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MITSUBISHI must be doing something right. Outlander sales grew at twice the pace of the medium SUV segment in 2017, which begs the question: How much has this old bus improved?
On sale since 2012, this third-gen iteration has never rated highly with us, undermined by dowdy design, lacklustre dynamics, low-rent interior presentation and eyebrow-cocking fuel efficiency. But that was the tubby 2.4-litre all-wheel-drive version. Could the 400cc-smaller and 100kg-leaner front-drive Outlander deliver a stronger outcome?
With a chromed ‘goatee’ grille, glitzy 18-inch alloys and sundry side brightwork, we initially thought the test LS was the exxier Exceed, until the penny dropped and we realised that even the lowliest Outlander has lost its rental fodder vibe.
Similar tactics abound inside thanks to a makeover that ushers in a new centre touchscreen (with digital radio and Apple CarPlay/Android Auto connectivity), as well as dual-zone climate control and lashings of piano-black trim adorning the solidly built dash.
All are subtle but welcome updates that build on the existing strengths of an airy cabin featuring a lofty, reclinable rear bench, cohesive instruments, simple switchgear, ample storage and space aplenty for occupants out back.
Enabling greater storage are rear-seat cushions that tip forward for a long, low load bay, hiding several underfloor compartments (plus a full-sized spare).
The LS Safety Pack can also stand alongside the Tiguan and CX-5 newbies by offering active driver tech like AEB, as well as lane-departure warning, adaptive cruise and auto high-beam. Throw in a
five-year warranty and you’d imagine most customers would rush for the dotted line. Even before a test drive. In which case we’d strongly recommend scratching the Outlander’s surface.
You might literally do that to the cheap, hard plastics beyond the driver’s area. You’ll curse the fiddly multimedia; lament the absent rear-seat air vents; rue the missing digital speedo; wonder what 13 switch blanks support in upper-spec variants; and wish for more under-thigh seat support.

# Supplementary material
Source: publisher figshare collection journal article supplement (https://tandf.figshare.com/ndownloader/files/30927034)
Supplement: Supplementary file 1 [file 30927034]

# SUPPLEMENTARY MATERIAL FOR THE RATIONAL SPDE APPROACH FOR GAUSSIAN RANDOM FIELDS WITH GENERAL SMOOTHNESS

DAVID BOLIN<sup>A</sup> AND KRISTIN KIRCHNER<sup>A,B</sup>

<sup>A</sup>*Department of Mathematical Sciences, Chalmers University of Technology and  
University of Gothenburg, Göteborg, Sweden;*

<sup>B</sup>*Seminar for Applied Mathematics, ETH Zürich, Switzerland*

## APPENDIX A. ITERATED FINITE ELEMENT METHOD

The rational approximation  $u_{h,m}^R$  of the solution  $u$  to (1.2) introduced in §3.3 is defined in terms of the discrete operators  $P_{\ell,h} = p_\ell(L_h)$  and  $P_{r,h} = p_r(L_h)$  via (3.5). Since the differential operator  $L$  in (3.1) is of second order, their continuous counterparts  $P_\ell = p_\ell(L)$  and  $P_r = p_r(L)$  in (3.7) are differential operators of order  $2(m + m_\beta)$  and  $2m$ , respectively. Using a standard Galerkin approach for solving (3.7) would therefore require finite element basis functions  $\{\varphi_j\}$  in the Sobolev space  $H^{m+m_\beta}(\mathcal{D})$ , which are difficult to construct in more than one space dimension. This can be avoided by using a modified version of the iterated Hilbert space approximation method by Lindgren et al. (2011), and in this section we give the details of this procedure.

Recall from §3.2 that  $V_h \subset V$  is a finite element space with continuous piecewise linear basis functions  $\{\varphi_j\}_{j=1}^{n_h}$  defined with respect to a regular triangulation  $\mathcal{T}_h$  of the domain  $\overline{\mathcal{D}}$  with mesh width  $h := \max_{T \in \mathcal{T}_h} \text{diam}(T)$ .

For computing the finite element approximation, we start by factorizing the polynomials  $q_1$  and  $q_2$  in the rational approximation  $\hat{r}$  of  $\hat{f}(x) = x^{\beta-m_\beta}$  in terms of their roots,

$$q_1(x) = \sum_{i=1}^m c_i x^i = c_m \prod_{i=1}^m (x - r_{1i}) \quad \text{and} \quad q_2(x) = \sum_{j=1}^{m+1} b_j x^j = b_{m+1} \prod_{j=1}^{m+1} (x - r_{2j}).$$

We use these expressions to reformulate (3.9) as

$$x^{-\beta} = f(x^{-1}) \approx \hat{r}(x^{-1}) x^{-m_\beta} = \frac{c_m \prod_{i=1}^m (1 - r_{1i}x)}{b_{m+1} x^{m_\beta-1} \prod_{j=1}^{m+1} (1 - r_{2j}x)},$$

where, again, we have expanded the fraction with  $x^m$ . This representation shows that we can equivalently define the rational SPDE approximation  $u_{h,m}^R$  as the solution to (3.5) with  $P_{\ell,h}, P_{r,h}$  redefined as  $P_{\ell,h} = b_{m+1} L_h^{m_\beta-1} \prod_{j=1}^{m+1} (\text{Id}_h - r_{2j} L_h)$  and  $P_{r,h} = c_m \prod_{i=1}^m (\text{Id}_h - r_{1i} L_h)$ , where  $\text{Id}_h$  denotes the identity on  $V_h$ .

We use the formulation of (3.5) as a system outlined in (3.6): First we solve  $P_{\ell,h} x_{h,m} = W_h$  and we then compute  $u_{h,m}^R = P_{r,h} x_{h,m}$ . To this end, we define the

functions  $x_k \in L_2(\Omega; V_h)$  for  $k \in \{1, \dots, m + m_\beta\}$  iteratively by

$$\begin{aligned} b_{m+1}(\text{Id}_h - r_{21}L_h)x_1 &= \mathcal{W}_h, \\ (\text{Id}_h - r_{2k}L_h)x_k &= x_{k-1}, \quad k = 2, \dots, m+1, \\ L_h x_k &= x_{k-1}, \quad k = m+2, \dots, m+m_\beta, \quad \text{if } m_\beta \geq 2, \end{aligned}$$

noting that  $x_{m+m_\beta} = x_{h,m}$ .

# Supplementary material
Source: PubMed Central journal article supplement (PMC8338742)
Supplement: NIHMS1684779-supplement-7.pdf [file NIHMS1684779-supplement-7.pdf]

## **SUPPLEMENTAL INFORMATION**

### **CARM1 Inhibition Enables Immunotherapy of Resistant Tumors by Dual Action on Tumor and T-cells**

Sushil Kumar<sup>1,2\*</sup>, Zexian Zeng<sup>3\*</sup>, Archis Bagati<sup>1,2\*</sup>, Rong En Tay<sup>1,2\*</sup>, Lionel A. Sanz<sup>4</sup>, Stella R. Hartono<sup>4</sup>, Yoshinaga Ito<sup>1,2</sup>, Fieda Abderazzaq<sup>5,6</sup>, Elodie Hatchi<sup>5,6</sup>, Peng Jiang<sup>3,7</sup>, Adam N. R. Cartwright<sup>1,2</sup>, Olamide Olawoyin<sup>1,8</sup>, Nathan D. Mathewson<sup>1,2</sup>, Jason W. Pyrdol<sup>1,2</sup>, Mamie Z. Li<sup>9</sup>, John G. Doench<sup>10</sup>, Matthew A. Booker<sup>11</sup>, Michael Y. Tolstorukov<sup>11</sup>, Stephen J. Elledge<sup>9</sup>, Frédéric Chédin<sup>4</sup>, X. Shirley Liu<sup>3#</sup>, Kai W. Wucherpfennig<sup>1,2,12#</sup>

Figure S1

At least the 2.0-litre engine is economical and eager. Though languid at step-off, it accelerates strongly and smoothly for spirited point-to-point response, the tacho settling at 5900rpm as the CVT holds engine revs for maximum effect. Hit a steep incline, though, and speed begins to wash away. Select ‘Drive Sport’ and the throttle becomes too sensitive, while the engine revs too high for comfort.
At lower speeds, the Outlander delivers quite lively turn-in and a neutral cornering attitude, but its steering lacks feel and consistency once tighter bends come into play, and handling gets ragged as roads roughen up. Despite the low-profile rubber, front-end grip also deteriorates while the helm’s rack rattles in unison with the cargo floor over bumpier bitumen. Additionally, the relatively soft suspension can become a tad under-damped in certain conditions, resulting in a constant pitter-patter motion.
While way better than the Haval, the Outlander’s dynamic discord leaves it trailing the rest. Is this the same brand that once built the athletic Magna Ralliart, not to mention the Lancer Evolution? Ultimately, then, the LS Safety Pack’s showroom persuasion turns patchy in the real world. Discerning buyers clearly have better choices.
Model: 2018 Mitsubishi Outlander LS
Engine: 1998cc 4cyl, sohc, 16v
Max Power: 110kW @ 6000rpm
Max Torque: 190Nm @ 4200rpm
Transmission: CVT automatic
Fuel economy: 10.8L/100km (tested)
On sale: Now
Medium SUV Megatest Results